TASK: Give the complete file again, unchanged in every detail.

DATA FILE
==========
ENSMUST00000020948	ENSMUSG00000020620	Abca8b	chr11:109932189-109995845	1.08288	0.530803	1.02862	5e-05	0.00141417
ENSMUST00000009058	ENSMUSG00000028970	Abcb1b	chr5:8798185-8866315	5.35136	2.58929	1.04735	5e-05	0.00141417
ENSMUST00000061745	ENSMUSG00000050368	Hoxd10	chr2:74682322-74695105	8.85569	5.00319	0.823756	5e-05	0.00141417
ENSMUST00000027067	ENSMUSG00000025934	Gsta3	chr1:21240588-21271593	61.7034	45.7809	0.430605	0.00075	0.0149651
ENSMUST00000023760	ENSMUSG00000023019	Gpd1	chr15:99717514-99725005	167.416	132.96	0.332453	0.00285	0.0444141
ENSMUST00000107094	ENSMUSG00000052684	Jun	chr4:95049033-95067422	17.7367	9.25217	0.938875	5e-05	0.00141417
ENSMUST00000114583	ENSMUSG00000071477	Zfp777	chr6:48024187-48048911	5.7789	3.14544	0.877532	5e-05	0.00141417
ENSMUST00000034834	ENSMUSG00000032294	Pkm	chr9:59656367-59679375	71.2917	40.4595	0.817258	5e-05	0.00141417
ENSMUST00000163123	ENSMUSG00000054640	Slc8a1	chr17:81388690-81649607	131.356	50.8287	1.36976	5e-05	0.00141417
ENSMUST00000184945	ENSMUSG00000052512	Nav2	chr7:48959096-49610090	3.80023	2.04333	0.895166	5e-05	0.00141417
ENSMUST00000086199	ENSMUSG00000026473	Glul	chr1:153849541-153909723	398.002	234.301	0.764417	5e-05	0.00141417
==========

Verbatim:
ENSMUST00000020948	ENSMUSG00000020620	Abca8b	chr11:109932189-109995845	1.08288	0.530803	1.02862	5e-05	0.00141417
ENSMUST00000009058	ENSMUSG00000028970	Abcb1b	chr5:8798185-8866315	5.35136	2.58929	1.04735	5e-05	0.00141417
ENSMUST00000061745	ENSMUSG00000050368	Hoxd10	chr2:74682322-74695105	8.85569	5.00319	0.823756	5e-05	0.00141417
ENSMUST00000027067	ENSMUSG00000025934	Gsta3	chr1:21240588-21271593	61.7034	45.7809	0.430605	0.00075	0.0149651
ENSMUST00000023760	ENSMUSG00000023019	Gpd1	chr15:99717514-99725005	167.416	132.96	0.332453	0.00285	0.0444141
ENSMUST00000107094	ENSMUSG00000052684	Jun	chr4:95049033-95067422	17.7367	9.25217	0.938875	5e-05	0.00141417
ENSMUST00000114583	ENSMUSG00000071477	Zfp777	chr6:48024187-48048911	5.7789	3.14544	0.877532	5e-05	0.00141417
ENSMUST00000034834	ENSMUSG00000032294	Pkm	chr9:59656367-59679375	71.2917	40.4595	0.817258	5e-05	0.00141417
ENSMUST00000163123	ENSMUSG00000054640	Slc8a1	chr17:81388690-81649607	131.356	50.8287	1.36976	5e-05	0.00141417
ENSMUST00000184945	ENSMUSG00000052512	Nav2	chr7:48959096-49610090	3.80023	2.04333	0.895166	5e-05	0.00141417
ENSMUST00000086199	ENSMUSG00000026473	Glul	chr1:153849541-153909723	398.002	234.301	0.764417	5e-05	0.00141417